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|Title:||Control of drug release rate by partition effect via drug immobilization||Authors:||Shang, Lei.||Keywords:||DRNTU::Engineering::Bioengineering
|Issue Date:||2011||Source:||Shang, L. (2011). Control of drug release rate by partition effect via drug immobilization. Doctoral thesis, Nanyang Technological University, Singapore.||Abstract:||New technology and clearer biological insight have led to new classes of therapeutic agents; typical examples are antibodies, gene-based drugs, antisense oligonucleotides, virus-like particles, recombinant proteins and hormone. But the potency and activity of these biotechnological agents are often thwarted by the wrong or the improperly constructed delivery systems, due to the fact that these agents frequently have short half-lives, poor permeability in membranes, and serious toxicity when delivered systemically in large doses. Drug Delivery Systems (DDS) are designed to deliver hormones and other protein drugs so as to maximize their therapeutic effect. Precise control of the drug release rate is crucial in such systems; yet it is not achieved with reasonable flexibility and accuracy. One of the reasons behind the imprecise control is that some of the important factors governing drug release rate are not actively controlled. Partition coefficient is one of such factors. The objective of our project is to provide a method to actively control the partition coefficient so as to more precisely control the overall drug release rate for a better therapeutic outcome. It is hypothesized that the drug partition coefficient can be tailored by immobilizing the same drug in the DDS due to the chemical potential contribution. It is found that the immobilization of the model drug (Bovine Serum Albumin, BSA) in the DDS results in a slower release rate for the un-immobilized drug (BSA). The reduction in release rate can be attributed to partition coefficient reduction, and the mathematical equation that depicts this relation between partition coefficient and the amount of immobilization is derived based on first-principle thermodynamic analysis.||URI:||http://hdl.handle.net/10356/43700||Fulltext Permission:||open||Fulltext Availability:||With Fulltext|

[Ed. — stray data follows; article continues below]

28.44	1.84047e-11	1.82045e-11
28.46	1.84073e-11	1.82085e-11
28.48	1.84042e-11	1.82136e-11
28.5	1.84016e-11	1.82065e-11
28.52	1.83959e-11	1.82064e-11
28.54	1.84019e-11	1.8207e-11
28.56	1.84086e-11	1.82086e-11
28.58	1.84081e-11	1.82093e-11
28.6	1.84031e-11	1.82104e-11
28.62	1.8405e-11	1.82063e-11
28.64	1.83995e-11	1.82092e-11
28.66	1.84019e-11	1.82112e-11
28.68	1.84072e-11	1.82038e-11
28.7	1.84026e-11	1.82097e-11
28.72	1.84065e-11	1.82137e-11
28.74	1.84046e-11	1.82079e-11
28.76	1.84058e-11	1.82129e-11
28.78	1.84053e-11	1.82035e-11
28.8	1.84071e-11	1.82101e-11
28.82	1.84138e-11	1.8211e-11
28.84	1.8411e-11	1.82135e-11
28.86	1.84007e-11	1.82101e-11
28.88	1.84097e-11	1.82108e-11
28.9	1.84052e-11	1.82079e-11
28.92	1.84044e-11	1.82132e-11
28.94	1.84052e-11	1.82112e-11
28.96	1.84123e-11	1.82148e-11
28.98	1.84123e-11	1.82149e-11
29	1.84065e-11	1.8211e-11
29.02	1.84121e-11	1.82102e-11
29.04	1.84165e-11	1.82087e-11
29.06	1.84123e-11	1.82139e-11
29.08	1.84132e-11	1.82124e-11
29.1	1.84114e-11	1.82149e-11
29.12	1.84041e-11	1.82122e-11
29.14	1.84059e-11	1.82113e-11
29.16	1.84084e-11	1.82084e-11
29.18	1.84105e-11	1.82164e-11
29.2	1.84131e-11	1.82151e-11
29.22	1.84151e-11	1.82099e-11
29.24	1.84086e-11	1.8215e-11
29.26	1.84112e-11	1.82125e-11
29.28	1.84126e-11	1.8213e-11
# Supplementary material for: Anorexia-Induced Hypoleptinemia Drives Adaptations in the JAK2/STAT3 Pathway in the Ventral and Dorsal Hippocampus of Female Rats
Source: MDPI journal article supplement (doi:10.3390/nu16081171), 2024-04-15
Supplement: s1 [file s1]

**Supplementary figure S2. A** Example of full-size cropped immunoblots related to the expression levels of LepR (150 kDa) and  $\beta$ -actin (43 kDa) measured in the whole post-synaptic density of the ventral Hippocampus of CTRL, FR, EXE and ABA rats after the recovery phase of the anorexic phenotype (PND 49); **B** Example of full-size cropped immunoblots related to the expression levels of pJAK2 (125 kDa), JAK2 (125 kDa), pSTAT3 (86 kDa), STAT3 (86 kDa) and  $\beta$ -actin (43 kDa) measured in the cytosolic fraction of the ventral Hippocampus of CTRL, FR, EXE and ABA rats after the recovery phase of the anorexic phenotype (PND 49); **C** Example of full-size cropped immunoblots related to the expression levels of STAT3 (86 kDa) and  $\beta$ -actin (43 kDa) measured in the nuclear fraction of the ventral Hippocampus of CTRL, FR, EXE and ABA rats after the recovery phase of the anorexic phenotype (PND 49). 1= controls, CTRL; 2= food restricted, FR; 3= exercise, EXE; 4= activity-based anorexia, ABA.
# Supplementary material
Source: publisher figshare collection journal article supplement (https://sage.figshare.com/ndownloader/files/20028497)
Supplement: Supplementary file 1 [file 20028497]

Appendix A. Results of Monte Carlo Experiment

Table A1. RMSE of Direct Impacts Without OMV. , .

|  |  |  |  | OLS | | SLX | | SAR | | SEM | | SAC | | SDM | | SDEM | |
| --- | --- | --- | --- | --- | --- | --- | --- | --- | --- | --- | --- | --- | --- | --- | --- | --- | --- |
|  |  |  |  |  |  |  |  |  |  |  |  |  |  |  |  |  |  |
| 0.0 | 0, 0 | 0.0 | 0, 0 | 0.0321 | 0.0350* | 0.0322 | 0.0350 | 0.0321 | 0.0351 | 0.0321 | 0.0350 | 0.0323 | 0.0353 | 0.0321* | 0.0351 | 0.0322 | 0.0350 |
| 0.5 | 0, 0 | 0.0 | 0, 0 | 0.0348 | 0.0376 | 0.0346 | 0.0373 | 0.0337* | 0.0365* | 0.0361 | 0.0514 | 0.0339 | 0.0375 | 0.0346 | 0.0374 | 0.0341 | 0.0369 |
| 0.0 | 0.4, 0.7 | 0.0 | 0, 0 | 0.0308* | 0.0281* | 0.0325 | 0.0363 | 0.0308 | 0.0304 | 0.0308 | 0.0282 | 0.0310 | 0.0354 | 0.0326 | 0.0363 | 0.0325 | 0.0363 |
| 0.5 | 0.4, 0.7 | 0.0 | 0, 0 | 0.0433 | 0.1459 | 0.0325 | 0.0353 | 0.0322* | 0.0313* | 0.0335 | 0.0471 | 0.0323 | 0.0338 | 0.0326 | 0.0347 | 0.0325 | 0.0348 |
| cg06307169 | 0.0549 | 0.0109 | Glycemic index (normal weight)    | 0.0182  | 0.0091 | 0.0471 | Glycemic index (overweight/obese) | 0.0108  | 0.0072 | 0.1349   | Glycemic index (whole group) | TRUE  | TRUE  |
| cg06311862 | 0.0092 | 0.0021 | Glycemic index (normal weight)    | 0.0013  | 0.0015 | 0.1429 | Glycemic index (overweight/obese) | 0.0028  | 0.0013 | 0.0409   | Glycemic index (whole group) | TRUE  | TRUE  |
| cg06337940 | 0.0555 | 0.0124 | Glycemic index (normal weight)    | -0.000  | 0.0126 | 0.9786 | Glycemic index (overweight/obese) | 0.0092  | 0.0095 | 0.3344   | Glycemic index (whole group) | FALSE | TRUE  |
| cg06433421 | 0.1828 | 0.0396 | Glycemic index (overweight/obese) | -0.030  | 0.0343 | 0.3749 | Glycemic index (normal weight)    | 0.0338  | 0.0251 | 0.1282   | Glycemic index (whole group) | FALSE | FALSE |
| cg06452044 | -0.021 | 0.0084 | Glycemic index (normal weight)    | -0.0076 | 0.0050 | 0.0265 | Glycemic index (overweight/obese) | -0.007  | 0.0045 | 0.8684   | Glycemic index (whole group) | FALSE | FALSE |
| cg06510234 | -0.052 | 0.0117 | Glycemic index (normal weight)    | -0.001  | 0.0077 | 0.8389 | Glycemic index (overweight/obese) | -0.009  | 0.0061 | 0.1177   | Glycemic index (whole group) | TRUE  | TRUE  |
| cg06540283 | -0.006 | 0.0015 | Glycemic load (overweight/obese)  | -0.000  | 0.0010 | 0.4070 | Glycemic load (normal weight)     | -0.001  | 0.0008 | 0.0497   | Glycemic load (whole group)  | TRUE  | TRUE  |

|Appears in Collections:||MAE Theses|
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